The EU's Hard Stance on Britain Only Invites More Brexits

This article first appeared on the Foundation for Economic Education site.

Last week's headlines in the United Kingdom focused once again on the words of two men: the EU's chief Brexit negotiator Michel Barnier and Brexit secretary for the UK government, David Davies.

In the ongoing negotiation between Her Majesty's Government and the European Union, three main issues remain unresolved, notably the border between Northern Ireland and the Republic of Ireland, EU citizens' rights who reside in the United Kingdom, and the infamous 'Brexit divorce bill'.

The latter has caused considerable outrage in the British public, as the French negotiator demands a full £90 billion ($117 billion) in payments in order to pay for the expenses caused by the British exit.

The measure is so unpopular that even a majority of British people who voted to remain in the European Union now oppose it.

Make An Example of the UK

A week ago, the UK government refused to cover this large sum and has since issued thorough explanations why it holds that position. This apparently left EU leaders flabbergasted, whose clear intent is to make an example out of the United Kingdom.

With Brexit being the first time an EU-member state has chosen to get out of the union, the team around Michel Barnier and EU Commission president Jean-Claude Juncker has every interest in making the Brexit situation a deterrent for large eurosceptic movements in other European countries. In fact, Barnier has been crystal clear on this.

As the BBC reports:

Speaking at a conference in Italy on Saturday, Mr Barnier said he did not want to punish the UK for leaving but said: "I have a state of mind - not aggressive... but I'm not naïve."

"We intend to teach people… what leaving the single market means," he told the Ambrosetti forum.

Asked by the German newspaper Bild am Sonntag if other member states would follow Britain's example of quitting the union, Commission chief Juncker said: "No. Britain's example will make everyone realize that it's not worth leaving."

The flag of the European Union and the Union flag sit on top of a sandcastle on a beach on May 09, 2016 in Southport, United Kingdom. Christopher Furlong/Getty

How exactly is the EU expecting to bring other members off their eurosceptic tendencies remains unclear. With a considerable trade imbalance in favor of the Brits, which are still one of the most important economic players on the globe, it is hard to imagine that Angela Merkel will want angry Volkswagen producers before her decisive parliamentary elections and that Emmanuel Macron will want to deal with enraged Bordeaux wineries before the upcoming senate elections.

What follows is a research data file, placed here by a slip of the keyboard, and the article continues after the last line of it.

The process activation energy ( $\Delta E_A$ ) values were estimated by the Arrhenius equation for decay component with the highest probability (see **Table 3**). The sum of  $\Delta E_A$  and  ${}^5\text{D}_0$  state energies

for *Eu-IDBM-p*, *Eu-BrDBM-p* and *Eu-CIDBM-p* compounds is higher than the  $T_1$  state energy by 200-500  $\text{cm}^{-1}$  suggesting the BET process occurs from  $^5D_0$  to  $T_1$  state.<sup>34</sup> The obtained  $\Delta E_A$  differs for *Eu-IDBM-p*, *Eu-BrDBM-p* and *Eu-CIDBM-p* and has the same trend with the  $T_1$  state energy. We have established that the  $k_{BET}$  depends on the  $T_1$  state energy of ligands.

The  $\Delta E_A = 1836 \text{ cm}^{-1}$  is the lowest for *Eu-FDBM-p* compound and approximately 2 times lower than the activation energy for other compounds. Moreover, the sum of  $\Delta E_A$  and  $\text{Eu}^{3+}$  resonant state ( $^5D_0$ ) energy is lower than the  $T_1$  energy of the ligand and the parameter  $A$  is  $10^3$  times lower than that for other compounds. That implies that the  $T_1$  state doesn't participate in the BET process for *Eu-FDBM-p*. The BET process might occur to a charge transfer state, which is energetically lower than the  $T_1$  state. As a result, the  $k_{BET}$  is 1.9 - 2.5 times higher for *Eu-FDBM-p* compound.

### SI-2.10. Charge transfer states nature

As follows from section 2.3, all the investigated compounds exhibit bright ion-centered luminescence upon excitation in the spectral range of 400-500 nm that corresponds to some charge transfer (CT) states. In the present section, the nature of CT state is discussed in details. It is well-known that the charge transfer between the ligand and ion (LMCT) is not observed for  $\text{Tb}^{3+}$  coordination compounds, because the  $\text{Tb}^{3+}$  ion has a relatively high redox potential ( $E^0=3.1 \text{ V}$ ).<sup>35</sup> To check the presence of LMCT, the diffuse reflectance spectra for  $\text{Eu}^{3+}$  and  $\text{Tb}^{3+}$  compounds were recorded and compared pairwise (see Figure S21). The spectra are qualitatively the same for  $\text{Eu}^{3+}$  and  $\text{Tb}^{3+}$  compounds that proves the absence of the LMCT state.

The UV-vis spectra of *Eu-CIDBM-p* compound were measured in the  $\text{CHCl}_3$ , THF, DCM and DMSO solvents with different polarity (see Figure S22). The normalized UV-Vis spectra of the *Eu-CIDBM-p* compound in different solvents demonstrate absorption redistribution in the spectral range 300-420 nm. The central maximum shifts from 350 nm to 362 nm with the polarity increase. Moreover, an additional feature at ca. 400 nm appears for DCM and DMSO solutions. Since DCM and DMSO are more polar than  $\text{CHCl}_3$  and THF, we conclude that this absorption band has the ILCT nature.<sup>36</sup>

Ineffective, High-Horse Tactics

The calm and pragmatic Brits are virtually unimpressed by the EU's tough talk, and so is the electorate in the rest of Europe. According to a recent TNS Infratest Politikforschung poll, 42 percent of Germans favor a referendum on Germany's membership in the EU, and 62 percent agreed with the statement that the union "is not moving in the right direction".

How long European citizens will continue to support a political structure which is over-regulating the economy and people's personal habits is what should really concern EU-leaders.

After Brexit, it is likely that more and more countries will no longer be willing to stay a member, starting with those in Central and Eastern Europe. Poland, the Czech Republic, and Hungary already have strong eurosceptic movements.

Ever since the 2004 enlargement of the European Union to include several former Eastern Bloc countries, European technocrats have believed that financing Central and Eastern European infrastructure and agriculture will make them nod along with the policies of the Brussels machine.

This political strategy is doomed to fail. There are emerging markets in the world, yet Europe is not one of them. For the continent to stay competitive, it needs to rid itself of the protectionist trade policy of the EU, and, even more importantly, of its massive regulation on businesses.

The only reason no countries have left the EU is because the member states do not let the people vote on its membership. Since the U.K.'s referendum in June 2016, they know that such a vote can produce "undesired" results.

The EU is manifestly unprepared for the Brexit negotiations and is merely letting off steam. What EU leaders need to do is to calmly overcome their ego and work in the interest of European citizens and consumers.

Bill Wirtz is a Young Voices Advocate.